There was a time when good advertising photos and commercials stood out because they were creative. When just having a picture in your ad could set you a part. But those times are long gone.
In today’s crowded, noisy world good advertising photography and video must transcend just ‘creative’. Arguably, everything that is made is creative. But if you flip through any magazine or browse any interesting site, there are images that engage you and images that don’t. Gideon Amichay, the ECD of Y&R; in Tel Aviv, helps us understand that we must press beyond base creativity. In this new era of media we must be…
Brilliant. In a word, this is easy to say, but hard to do. What is brilliance? It’s insightful. It works harder. There’s more happening on a deeper level…more neurons firing when you look at the work. But beyond being just brilliant, for work to get ‘noticed’ it also has another characteristic. It is….
Different. Some professional creatives roll their eyes at ‘different’ because they argue that different for the sake of being different isn’t worth much. I agree. That said, ‘different’ with brilliance works. If you haven’t seen something before–say a fresh camera angle or a unique treatment on an image or video–you’re more likely to … stop on that page. Like it or not, different is effective. But while being creative, brilliant, and different you’ll get great gigs, lots of attention and perhaps even a high five from the award people. But the real thing we should all aspire toward is…
Innovative. This comes in many forms, but my understanding of creative innovation is when you’ve created something truly unique, when you haven’t just provided a solution to the problem, you’ve asked more questions, answered those questions too and solved the problem in a way that nobody has before you. It’s more than just working harder, finding a better camera angle and shooting the ad. It’s re-defining an entirely new expectation of what’s possible. It’s the iPhone. It’s the opening sequence to Saving Private Ryan or the 3D in Avatar. It’s Warhol or Banksy. Seth Godin or Gregory Crewdson. It’s Cartier-Bresson.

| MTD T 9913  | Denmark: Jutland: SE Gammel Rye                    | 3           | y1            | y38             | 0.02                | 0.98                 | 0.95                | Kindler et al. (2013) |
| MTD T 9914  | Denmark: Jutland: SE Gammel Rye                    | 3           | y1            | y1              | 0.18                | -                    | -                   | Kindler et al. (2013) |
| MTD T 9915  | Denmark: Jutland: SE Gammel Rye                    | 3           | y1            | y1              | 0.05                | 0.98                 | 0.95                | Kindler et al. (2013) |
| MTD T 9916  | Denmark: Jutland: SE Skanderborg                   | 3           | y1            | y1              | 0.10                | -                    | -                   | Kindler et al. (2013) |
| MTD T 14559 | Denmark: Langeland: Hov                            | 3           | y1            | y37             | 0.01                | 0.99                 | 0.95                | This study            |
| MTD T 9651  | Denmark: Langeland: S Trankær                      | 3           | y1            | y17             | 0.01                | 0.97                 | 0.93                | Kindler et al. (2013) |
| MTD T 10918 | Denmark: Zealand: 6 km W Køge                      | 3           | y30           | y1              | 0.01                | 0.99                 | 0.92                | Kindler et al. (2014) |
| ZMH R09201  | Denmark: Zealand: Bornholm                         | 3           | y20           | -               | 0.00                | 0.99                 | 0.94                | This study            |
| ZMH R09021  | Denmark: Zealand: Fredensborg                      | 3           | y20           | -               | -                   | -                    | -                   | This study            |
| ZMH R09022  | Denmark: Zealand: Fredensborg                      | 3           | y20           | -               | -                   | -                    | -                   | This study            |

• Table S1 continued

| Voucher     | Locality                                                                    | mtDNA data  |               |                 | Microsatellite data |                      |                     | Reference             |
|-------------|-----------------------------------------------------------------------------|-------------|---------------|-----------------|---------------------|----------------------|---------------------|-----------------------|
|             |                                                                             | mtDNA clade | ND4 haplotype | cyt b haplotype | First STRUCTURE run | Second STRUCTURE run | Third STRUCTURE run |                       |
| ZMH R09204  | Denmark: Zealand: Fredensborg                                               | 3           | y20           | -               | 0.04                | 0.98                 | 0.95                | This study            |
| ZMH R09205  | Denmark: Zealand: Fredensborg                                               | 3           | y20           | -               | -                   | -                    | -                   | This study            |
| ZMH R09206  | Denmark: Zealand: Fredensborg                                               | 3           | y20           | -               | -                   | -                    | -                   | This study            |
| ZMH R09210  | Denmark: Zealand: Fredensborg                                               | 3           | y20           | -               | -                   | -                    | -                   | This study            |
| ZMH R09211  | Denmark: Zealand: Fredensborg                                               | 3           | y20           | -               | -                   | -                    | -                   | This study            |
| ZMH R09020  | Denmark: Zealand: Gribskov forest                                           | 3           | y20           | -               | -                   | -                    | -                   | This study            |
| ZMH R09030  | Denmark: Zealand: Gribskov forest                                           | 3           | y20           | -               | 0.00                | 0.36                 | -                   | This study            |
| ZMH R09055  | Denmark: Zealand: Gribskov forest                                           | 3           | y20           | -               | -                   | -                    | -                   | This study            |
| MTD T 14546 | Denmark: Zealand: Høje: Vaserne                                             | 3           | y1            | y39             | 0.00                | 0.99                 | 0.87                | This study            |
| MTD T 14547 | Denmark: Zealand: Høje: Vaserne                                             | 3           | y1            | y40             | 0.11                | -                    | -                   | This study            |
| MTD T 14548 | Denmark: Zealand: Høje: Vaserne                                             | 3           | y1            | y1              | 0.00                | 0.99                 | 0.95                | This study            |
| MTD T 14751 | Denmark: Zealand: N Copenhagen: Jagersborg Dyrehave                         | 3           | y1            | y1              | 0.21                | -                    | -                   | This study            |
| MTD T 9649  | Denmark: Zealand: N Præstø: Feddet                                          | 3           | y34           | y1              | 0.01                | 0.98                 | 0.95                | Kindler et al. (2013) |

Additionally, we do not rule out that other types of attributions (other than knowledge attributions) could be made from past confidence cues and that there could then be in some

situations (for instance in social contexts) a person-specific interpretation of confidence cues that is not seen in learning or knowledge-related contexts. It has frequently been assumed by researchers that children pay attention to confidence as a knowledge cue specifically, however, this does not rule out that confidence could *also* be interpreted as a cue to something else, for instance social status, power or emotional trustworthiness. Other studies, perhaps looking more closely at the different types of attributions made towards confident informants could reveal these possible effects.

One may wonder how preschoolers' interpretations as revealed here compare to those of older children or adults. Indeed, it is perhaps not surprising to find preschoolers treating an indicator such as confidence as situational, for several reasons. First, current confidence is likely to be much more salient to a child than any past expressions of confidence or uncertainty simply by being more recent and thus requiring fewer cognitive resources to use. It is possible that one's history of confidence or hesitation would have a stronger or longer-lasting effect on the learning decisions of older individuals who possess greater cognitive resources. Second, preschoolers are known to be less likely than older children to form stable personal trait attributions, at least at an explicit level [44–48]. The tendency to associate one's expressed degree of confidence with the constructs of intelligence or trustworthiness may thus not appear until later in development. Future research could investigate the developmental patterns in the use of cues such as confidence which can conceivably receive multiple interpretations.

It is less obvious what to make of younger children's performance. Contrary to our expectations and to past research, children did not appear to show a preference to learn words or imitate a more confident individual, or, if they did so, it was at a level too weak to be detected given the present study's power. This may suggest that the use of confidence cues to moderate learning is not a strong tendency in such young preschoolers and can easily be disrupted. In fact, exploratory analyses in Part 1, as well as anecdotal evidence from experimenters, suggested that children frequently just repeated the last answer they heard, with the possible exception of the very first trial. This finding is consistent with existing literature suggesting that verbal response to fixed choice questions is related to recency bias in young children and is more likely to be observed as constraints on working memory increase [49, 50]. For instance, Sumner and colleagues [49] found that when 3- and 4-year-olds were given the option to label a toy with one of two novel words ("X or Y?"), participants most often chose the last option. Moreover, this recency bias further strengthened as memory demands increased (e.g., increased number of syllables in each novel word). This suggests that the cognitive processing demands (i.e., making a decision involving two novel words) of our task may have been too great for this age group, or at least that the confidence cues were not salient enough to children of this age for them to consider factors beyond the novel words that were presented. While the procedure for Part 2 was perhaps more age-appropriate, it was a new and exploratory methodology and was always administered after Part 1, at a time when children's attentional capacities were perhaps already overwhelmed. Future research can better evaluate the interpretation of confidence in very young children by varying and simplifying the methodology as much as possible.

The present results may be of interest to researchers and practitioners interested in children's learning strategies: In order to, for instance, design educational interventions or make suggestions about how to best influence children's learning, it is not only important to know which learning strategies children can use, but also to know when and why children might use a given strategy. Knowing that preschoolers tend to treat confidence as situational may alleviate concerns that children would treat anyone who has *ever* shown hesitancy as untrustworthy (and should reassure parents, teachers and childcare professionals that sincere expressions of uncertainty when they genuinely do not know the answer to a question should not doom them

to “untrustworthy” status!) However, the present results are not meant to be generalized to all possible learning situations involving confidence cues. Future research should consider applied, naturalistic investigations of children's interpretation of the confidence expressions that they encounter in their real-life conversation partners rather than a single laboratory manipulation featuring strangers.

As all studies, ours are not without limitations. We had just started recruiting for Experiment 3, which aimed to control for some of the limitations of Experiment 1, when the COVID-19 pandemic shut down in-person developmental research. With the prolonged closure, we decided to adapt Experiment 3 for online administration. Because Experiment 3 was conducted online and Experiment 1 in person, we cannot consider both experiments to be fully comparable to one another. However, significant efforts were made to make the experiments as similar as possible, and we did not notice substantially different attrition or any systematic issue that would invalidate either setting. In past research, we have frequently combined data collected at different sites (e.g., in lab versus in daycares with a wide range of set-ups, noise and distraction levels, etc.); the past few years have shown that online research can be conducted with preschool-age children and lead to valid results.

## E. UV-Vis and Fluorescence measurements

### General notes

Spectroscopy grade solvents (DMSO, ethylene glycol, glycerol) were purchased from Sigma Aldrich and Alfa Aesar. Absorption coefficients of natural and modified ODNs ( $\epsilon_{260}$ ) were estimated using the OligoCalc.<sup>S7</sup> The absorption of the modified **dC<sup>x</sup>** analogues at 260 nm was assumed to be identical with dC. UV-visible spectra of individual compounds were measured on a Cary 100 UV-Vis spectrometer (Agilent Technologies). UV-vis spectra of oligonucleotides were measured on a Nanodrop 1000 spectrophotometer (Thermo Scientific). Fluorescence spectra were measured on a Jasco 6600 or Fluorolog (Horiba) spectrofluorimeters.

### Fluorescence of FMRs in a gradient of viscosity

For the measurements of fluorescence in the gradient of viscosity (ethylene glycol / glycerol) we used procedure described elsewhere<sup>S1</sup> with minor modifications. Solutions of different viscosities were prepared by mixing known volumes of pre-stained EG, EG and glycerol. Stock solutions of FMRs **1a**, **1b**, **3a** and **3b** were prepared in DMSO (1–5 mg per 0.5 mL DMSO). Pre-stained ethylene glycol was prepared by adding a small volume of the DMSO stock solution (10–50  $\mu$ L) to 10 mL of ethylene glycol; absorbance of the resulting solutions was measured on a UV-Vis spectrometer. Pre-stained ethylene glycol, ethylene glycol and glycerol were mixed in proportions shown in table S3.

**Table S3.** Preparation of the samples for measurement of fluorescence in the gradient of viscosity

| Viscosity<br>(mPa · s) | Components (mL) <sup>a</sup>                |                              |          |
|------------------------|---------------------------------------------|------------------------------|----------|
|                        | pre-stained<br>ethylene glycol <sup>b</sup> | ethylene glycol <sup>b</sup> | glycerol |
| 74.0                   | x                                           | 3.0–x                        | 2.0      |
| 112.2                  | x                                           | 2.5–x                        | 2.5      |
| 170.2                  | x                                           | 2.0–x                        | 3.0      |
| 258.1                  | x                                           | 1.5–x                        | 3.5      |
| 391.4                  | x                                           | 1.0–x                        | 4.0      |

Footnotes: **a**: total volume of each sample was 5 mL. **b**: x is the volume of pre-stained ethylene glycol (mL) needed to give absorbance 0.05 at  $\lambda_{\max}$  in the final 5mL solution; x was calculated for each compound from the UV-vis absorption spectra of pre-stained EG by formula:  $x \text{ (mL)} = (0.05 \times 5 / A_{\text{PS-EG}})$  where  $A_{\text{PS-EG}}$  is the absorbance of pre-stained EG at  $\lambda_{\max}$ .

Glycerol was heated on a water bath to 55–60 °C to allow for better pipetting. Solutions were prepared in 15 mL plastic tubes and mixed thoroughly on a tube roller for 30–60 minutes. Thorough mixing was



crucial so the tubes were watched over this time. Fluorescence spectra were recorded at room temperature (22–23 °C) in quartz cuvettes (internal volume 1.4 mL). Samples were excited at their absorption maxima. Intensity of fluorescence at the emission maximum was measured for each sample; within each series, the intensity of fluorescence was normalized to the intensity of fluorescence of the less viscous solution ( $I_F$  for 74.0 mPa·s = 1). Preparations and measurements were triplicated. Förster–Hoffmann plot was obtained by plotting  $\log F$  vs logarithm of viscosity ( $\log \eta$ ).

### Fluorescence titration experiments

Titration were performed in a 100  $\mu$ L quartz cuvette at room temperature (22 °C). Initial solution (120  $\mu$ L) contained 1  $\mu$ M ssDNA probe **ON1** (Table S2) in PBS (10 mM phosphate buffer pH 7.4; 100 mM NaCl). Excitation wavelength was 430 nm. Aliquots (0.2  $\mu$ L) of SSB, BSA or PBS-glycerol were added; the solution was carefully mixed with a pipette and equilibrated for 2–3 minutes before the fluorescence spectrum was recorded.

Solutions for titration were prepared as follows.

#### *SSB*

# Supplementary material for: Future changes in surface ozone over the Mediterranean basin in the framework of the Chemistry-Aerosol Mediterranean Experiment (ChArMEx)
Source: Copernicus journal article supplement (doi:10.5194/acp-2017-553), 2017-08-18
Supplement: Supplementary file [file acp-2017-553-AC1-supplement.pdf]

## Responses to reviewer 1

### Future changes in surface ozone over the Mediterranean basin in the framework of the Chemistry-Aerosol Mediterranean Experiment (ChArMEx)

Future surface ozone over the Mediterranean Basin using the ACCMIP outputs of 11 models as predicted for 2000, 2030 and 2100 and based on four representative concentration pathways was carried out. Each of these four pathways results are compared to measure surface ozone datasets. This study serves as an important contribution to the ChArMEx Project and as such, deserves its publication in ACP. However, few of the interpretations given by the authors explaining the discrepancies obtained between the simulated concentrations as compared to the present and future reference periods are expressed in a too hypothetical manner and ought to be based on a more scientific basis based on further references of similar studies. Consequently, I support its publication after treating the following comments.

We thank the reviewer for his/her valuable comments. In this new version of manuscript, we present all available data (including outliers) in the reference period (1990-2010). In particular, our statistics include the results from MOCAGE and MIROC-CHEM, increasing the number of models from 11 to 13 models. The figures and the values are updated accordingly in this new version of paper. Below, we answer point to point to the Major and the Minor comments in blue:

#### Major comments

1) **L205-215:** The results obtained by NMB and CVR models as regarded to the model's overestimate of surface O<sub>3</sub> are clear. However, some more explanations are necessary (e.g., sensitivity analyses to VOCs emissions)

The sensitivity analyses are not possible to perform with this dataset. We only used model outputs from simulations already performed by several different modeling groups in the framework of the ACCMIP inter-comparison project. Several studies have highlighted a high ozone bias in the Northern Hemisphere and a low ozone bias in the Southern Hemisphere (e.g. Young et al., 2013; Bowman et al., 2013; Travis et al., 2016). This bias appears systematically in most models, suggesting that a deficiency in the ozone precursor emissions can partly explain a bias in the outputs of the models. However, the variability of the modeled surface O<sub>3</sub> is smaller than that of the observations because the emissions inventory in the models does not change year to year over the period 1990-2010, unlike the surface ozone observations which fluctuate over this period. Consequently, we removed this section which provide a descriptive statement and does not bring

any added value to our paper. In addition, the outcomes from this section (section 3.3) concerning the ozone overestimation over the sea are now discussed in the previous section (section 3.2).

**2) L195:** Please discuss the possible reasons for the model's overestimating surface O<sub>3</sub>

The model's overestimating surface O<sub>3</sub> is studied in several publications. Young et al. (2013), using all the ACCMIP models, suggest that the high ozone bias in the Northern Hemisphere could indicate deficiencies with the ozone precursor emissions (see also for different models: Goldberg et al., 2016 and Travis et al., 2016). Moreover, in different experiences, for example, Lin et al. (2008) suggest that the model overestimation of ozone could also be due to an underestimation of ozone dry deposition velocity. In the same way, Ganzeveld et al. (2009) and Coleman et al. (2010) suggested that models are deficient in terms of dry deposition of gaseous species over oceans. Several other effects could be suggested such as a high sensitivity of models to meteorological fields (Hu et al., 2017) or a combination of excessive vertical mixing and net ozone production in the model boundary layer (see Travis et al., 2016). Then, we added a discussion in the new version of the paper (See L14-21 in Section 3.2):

And while this list might be intimidating, there’s an abundance of room in every single craft or industry for innovation. In fact, it’s required for progress. So which of us will innovate? I’m banking it’s the ones that start out with creativity, sprinkle in some brilliance, and do things differently on a regular basis…Those folks are most often standing on the edge of innovation.
Admittedly, beyond a list of things, it’s hard to say what innovation is. But if I can’t say exactly what it is, I most certainly know what it is not. It doesn’t look or sound at all like the status quo. It doesn’t resemble boring pages in a source book, or a direct mailer. It’s not f8 at 1/250th with a main light and a fill. It doesn’t feel like a 30-second spot on prime time or a headshot on the cover of Time. Innovation often seems like it’s a far cry from what pays our bills as professional creatives, but I have no doubt that it’s worth aspiring toward.
The thing I do believe is that we can get there with intention and hard work. But how in the hell can we get somewhere if we haven’t defined where we’re going? Well that’s the purpose of this post. Let’s put a target on creative innovation. Let’s figure out where we’re going and go there now.[original post and inspiration via the fun blog at Makin’ Ads]
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